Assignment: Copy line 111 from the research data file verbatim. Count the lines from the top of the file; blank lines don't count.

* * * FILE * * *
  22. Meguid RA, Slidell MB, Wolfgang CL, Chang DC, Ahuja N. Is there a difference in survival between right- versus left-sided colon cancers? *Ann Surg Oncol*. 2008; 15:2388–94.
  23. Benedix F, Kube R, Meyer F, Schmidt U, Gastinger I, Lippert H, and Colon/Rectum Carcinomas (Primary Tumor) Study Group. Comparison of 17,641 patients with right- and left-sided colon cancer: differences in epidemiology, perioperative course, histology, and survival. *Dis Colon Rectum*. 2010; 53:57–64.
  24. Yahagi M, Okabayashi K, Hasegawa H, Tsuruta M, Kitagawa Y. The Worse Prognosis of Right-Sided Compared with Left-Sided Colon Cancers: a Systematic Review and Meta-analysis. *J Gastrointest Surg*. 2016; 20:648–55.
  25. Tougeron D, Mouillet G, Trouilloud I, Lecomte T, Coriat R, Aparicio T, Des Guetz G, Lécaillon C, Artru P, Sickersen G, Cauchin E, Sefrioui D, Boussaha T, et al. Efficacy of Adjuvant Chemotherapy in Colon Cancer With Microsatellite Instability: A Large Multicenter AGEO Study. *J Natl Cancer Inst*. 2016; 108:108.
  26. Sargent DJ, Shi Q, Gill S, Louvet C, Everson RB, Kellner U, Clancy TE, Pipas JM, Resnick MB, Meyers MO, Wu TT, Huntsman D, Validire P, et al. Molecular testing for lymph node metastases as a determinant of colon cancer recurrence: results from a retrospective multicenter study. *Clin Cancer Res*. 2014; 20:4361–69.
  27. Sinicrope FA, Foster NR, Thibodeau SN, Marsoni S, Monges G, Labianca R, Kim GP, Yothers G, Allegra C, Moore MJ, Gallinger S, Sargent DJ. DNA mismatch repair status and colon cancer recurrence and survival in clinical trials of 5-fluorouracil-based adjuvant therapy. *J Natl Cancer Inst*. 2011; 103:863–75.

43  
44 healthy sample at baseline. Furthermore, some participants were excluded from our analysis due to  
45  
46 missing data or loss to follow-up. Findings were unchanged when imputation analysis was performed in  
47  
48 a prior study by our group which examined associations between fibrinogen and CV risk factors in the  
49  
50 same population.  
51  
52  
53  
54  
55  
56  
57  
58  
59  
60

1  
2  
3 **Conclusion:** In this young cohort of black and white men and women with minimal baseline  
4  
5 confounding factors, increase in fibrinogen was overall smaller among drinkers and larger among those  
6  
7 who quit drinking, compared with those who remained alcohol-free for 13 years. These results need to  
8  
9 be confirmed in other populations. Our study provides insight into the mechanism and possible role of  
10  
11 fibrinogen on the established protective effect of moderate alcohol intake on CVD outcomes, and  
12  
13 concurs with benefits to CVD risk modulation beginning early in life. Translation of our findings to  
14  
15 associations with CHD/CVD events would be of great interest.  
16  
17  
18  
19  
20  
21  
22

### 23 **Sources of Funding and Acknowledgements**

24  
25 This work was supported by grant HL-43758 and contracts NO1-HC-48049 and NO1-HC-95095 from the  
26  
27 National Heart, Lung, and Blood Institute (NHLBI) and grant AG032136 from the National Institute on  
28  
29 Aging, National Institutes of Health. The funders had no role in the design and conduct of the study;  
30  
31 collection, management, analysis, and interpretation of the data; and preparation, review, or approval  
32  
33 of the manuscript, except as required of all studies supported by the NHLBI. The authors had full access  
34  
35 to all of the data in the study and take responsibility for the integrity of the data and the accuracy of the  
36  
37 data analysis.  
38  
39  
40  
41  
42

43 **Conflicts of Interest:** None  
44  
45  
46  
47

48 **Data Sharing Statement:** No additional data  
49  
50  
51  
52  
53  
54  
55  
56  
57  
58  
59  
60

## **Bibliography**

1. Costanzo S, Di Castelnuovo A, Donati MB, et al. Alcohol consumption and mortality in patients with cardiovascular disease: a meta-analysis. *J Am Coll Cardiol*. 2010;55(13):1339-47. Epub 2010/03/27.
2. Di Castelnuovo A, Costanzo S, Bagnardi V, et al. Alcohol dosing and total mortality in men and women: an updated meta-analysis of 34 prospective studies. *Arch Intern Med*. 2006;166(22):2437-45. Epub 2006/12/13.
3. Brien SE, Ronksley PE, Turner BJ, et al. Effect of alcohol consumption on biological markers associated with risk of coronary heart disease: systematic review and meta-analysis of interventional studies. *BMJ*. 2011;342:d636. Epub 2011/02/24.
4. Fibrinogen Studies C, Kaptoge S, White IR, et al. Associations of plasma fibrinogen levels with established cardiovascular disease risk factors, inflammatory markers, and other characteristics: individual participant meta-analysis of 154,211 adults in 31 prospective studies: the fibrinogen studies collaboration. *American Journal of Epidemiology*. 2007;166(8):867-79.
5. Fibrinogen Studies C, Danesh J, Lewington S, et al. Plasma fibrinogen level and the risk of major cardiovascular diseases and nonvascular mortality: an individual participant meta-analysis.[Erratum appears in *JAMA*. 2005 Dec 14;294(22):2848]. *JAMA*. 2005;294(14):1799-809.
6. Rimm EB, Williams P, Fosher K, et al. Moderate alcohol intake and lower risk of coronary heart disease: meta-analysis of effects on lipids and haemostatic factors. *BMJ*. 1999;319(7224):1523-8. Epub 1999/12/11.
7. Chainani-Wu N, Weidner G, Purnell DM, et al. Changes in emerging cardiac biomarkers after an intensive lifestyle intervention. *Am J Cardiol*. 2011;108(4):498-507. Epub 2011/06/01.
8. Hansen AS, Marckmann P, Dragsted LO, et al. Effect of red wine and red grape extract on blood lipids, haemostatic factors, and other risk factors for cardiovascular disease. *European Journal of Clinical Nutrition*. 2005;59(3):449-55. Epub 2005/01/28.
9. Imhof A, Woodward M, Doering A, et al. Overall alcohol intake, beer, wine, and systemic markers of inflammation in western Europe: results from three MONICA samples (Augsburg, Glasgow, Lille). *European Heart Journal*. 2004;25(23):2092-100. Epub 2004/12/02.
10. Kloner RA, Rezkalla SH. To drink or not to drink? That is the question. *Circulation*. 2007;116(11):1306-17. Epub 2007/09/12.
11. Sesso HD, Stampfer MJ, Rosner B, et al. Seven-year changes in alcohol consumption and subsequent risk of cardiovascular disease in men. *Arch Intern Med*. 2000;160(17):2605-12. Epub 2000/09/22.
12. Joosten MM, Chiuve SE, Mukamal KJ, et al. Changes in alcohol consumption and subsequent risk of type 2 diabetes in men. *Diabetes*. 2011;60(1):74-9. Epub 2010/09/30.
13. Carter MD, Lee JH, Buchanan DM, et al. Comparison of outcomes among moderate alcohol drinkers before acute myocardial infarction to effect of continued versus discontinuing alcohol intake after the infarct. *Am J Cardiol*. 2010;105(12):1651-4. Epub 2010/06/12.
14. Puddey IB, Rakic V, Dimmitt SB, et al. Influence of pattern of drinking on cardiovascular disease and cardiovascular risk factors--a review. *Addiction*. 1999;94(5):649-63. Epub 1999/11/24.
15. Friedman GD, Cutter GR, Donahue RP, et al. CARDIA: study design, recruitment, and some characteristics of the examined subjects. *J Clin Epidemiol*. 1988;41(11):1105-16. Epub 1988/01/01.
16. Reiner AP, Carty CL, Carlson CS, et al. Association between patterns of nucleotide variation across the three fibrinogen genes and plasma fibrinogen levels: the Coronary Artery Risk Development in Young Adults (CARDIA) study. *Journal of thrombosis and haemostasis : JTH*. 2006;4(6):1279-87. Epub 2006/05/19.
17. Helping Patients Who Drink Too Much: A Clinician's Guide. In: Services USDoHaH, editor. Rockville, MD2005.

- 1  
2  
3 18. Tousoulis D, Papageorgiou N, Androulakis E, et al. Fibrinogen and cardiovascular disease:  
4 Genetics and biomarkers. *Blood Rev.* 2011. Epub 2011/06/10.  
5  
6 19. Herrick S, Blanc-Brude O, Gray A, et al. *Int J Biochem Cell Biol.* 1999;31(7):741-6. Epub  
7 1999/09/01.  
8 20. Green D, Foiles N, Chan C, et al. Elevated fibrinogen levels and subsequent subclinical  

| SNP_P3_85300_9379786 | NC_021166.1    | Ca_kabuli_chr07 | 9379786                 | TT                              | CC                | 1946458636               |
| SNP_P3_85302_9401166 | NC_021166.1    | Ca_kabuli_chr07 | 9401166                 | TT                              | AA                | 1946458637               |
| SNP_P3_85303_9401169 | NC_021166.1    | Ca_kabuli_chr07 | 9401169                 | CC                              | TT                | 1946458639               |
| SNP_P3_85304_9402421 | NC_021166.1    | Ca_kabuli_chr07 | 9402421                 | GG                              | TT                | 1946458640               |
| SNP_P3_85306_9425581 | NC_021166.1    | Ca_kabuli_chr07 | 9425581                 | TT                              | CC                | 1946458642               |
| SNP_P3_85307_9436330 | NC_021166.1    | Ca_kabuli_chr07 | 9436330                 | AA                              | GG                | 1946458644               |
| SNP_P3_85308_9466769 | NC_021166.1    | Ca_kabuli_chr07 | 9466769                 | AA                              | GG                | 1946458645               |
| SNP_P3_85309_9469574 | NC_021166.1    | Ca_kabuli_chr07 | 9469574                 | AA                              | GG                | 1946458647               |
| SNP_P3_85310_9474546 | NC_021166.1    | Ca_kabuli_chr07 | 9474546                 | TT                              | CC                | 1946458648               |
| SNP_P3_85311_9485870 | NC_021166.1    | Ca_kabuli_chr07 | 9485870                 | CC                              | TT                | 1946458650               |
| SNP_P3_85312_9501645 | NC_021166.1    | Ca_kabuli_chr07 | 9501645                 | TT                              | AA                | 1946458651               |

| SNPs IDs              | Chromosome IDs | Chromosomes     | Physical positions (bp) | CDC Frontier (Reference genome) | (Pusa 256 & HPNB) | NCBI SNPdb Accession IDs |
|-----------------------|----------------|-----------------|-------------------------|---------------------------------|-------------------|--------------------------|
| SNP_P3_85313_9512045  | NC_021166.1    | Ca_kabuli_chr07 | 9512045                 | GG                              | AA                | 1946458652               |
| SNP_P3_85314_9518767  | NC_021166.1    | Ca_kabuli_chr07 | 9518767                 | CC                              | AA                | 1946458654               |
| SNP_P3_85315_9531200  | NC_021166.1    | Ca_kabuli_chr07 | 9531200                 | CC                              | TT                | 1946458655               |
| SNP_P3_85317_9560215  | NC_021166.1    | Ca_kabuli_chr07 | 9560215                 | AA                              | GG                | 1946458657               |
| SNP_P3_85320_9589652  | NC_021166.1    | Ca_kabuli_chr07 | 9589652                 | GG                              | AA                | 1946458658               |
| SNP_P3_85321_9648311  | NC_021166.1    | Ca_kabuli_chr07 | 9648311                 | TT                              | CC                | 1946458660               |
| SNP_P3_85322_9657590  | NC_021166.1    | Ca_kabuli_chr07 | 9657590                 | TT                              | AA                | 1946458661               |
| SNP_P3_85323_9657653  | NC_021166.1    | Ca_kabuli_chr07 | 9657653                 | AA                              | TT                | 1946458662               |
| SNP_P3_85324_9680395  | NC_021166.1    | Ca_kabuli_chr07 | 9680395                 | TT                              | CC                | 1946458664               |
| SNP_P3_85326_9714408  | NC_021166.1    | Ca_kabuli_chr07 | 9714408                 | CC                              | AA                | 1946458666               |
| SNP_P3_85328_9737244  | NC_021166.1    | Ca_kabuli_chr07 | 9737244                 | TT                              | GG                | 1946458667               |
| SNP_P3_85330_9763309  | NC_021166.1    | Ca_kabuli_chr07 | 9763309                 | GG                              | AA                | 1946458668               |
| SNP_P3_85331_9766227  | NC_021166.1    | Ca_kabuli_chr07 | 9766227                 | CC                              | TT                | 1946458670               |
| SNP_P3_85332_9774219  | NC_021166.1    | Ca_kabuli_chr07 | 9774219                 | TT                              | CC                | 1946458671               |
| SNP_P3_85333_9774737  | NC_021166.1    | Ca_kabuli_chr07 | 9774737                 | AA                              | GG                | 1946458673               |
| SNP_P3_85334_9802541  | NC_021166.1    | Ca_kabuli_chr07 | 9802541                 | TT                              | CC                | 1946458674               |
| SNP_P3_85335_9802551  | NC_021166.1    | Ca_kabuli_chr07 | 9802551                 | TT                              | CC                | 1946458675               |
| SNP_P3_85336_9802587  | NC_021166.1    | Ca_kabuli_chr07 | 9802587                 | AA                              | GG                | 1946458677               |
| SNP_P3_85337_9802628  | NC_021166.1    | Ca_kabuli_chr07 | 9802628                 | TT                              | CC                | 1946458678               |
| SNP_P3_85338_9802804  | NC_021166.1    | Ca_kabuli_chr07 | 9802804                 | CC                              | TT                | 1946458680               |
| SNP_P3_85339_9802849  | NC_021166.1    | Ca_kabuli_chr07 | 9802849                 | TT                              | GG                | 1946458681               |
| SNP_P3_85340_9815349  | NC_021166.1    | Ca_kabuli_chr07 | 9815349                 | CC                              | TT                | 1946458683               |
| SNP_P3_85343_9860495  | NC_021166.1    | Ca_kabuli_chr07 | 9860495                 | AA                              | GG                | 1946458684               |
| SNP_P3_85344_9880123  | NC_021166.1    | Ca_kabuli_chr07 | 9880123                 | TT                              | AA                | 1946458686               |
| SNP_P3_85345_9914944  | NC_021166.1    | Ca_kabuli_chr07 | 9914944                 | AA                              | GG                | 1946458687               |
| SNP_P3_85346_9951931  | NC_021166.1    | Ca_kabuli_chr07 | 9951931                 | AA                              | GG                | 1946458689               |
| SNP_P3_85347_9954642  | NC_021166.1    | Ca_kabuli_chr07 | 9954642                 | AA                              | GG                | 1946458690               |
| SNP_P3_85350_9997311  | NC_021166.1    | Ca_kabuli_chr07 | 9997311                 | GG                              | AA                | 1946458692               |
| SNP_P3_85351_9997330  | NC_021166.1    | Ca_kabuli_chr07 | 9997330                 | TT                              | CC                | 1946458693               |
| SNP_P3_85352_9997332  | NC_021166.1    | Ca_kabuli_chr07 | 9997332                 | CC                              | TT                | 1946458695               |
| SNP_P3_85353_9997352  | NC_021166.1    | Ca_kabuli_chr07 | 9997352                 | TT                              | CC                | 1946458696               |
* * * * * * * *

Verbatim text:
| SNP_P3_85300_9379786 | NC_021166.1    | Ca_kabuli_chr07 | 9379786                 | TT                              | CC                | 1946458636               |